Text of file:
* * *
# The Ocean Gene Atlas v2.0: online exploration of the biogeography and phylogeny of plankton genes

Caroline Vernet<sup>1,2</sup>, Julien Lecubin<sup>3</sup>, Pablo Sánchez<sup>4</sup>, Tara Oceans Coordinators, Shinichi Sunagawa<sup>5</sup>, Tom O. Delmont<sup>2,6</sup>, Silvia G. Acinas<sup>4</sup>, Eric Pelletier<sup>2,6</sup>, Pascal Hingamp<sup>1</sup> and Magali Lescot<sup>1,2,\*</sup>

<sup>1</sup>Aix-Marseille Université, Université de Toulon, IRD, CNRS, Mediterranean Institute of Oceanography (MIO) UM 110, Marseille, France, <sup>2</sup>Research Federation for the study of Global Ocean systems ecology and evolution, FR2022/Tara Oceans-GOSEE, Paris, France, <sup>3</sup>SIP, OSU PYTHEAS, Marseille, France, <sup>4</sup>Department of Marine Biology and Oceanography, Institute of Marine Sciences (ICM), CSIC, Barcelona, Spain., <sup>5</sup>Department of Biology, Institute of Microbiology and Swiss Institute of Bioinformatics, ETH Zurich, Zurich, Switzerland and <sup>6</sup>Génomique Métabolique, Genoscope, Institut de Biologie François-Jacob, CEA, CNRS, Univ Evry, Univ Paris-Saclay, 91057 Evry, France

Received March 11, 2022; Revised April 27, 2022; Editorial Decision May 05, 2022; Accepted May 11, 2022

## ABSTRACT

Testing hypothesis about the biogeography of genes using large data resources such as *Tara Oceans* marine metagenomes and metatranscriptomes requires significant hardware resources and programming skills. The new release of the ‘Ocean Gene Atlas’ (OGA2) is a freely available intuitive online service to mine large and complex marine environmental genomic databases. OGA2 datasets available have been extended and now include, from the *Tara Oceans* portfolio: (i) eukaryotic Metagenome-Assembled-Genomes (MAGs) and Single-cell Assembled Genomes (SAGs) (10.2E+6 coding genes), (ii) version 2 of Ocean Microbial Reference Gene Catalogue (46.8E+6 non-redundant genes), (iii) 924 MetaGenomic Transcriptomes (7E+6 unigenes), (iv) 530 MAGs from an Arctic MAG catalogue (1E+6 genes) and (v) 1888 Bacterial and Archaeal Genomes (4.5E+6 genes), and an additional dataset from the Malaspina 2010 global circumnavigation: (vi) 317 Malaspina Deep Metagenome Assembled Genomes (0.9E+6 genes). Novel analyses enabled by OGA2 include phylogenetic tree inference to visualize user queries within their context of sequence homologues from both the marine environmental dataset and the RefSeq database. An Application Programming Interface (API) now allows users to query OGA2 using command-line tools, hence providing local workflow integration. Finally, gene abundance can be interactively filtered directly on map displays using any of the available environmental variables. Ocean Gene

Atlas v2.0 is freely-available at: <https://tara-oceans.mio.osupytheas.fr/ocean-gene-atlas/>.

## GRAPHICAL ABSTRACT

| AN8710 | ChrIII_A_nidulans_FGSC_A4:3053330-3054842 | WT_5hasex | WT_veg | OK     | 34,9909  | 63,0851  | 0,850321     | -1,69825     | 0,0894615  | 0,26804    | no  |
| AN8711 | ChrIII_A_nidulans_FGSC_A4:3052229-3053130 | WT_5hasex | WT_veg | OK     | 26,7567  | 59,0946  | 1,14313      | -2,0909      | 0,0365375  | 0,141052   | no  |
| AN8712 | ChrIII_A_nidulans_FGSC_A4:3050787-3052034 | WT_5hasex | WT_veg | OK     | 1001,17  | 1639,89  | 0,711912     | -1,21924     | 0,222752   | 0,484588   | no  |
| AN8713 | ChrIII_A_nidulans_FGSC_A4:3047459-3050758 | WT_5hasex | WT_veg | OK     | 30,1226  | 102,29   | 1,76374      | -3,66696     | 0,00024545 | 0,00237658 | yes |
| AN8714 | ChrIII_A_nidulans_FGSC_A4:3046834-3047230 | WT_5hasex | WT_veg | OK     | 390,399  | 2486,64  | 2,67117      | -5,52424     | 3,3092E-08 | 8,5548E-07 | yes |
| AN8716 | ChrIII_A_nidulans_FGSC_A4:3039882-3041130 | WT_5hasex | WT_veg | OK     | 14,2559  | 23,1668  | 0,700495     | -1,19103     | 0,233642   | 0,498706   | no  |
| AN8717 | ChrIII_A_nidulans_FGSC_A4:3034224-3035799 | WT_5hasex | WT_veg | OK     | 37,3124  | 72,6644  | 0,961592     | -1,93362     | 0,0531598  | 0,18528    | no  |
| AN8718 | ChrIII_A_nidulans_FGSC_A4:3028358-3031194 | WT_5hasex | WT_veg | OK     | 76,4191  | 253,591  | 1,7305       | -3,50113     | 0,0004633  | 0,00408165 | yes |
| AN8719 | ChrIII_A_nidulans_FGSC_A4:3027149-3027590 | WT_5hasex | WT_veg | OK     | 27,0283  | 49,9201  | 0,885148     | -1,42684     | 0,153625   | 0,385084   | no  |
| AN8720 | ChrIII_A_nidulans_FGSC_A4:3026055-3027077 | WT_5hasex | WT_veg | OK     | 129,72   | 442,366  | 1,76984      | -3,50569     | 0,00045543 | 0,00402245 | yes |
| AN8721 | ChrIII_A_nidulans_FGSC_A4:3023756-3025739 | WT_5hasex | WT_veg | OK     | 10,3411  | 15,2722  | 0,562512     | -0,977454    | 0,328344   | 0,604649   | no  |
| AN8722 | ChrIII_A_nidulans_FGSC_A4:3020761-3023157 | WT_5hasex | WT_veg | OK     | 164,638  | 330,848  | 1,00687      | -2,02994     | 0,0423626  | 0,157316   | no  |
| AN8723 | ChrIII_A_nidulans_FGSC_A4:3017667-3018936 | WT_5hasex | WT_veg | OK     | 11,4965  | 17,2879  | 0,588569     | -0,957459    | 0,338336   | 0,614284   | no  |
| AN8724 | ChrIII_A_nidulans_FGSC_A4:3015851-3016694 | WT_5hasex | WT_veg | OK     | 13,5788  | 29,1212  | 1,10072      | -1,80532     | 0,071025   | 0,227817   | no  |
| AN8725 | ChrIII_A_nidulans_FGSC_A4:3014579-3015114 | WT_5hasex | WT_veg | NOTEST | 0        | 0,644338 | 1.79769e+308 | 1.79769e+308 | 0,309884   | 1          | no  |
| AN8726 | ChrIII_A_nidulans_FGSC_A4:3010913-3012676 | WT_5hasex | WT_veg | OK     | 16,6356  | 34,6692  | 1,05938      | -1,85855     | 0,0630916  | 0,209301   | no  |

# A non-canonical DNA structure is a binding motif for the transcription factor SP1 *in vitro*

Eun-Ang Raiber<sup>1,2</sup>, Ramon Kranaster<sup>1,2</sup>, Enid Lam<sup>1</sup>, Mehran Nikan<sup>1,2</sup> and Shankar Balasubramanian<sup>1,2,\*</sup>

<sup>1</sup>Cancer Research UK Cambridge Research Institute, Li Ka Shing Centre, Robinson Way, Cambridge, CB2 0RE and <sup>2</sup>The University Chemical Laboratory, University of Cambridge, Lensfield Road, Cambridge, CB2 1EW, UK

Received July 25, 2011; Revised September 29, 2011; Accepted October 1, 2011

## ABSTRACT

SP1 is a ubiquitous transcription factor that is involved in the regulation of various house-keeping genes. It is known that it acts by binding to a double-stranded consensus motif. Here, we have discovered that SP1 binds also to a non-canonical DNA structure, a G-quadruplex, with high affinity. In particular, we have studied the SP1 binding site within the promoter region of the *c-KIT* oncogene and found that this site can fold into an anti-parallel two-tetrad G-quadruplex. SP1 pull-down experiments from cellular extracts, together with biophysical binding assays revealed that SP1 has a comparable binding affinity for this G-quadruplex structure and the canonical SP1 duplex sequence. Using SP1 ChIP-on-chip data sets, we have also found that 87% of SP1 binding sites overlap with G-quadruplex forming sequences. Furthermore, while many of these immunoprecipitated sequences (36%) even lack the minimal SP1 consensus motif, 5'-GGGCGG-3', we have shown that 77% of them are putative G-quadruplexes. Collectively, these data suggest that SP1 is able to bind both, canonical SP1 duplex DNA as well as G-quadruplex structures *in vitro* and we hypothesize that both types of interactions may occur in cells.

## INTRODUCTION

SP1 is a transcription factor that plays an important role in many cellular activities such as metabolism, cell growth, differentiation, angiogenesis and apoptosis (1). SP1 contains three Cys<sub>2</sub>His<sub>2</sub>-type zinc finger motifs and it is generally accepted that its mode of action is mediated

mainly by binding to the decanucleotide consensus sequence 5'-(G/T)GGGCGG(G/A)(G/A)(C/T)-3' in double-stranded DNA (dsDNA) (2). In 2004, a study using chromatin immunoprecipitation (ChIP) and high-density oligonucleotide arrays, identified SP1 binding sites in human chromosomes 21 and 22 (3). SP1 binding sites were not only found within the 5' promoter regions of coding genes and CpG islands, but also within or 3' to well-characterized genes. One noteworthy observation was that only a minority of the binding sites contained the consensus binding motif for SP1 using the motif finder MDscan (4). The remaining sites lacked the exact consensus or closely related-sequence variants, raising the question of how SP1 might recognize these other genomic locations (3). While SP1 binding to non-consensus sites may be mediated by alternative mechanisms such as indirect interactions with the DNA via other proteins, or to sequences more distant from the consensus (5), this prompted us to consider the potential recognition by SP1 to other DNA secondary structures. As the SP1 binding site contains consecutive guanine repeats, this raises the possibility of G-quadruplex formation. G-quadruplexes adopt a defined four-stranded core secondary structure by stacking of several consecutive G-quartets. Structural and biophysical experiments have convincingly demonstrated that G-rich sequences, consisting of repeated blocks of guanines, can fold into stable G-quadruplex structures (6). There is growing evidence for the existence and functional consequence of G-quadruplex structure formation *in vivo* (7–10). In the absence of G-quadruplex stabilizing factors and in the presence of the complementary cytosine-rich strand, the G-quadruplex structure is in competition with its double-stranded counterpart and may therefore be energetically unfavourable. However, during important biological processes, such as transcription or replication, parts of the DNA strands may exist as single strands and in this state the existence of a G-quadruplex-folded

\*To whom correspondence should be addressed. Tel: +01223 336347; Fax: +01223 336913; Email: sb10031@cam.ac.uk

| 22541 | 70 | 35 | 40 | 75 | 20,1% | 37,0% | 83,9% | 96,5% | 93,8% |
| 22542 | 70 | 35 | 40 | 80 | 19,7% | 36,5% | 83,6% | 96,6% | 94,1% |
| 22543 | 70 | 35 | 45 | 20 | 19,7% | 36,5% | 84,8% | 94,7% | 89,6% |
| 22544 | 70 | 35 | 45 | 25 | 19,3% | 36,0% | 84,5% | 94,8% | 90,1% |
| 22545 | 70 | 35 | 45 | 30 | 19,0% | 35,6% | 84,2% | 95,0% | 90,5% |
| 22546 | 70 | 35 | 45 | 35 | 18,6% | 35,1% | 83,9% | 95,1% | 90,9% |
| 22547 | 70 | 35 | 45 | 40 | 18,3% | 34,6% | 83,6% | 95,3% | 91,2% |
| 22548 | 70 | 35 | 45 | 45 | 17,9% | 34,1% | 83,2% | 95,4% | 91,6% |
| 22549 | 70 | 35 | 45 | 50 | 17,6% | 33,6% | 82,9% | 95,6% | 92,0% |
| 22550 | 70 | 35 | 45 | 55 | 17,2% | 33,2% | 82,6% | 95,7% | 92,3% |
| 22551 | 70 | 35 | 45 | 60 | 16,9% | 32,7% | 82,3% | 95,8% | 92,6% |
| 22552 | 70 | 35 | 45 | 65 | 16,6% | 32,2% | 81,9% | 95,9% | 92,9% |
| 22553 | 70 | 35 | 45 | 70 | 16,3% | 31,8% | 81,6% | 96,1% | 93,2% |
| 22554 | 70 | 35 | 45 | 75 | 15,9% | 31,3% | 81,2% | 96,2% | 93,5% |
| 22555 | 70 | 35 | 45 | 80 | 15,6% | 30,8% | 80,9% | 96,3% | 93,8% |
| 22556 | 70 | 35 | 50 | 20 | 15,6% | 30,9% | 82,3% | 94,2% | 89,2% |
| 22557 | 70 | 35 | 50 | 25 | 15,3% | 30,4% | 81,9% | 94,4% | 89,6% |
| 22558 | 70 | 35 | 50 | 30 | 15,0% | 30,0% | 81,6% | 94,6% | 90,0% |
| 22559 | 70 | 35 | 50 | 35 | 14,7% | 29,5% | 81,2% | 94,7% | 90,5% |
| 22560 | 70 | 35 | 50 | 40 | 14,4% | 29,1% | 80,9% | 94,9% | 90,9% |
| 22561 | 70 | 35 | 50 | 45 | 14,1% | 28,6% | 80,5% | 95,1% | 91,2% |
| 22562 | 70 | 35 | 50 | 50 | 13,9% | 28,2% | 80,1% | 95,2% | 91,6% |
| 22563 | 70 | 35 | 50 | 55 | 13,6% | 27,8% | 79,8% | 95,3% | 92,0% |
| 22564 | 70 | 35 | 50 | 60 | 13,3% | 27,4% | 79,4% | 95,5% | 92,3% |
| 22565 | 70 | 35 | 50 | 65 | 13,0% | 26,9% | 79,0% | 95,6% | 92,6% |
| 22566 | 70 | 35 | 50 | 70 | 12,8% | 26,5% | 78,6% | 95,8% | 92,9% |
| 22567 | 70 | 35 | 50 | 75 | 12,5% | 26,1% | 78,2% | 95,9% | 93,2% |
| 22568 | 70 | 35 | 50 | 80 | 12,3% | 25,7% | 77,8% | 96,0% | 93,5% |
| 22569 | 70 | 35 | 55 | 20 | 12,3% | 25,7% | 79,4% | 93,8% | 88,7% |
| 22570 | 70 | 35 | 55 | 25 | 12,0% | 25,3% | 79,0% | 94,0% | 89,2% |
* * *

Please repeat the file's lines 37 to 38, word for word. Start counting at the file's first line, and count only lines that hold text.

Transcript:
| 22543 | 70 | 35 | 45 | 20 | 19,7% | 36,5% | 84,8% | 94,7% | 89,6% |
| 22544 | 70 | 35 | 45 | 25 | 19,3% | 36,0% | 84,5% | 94,8% | 90,1% |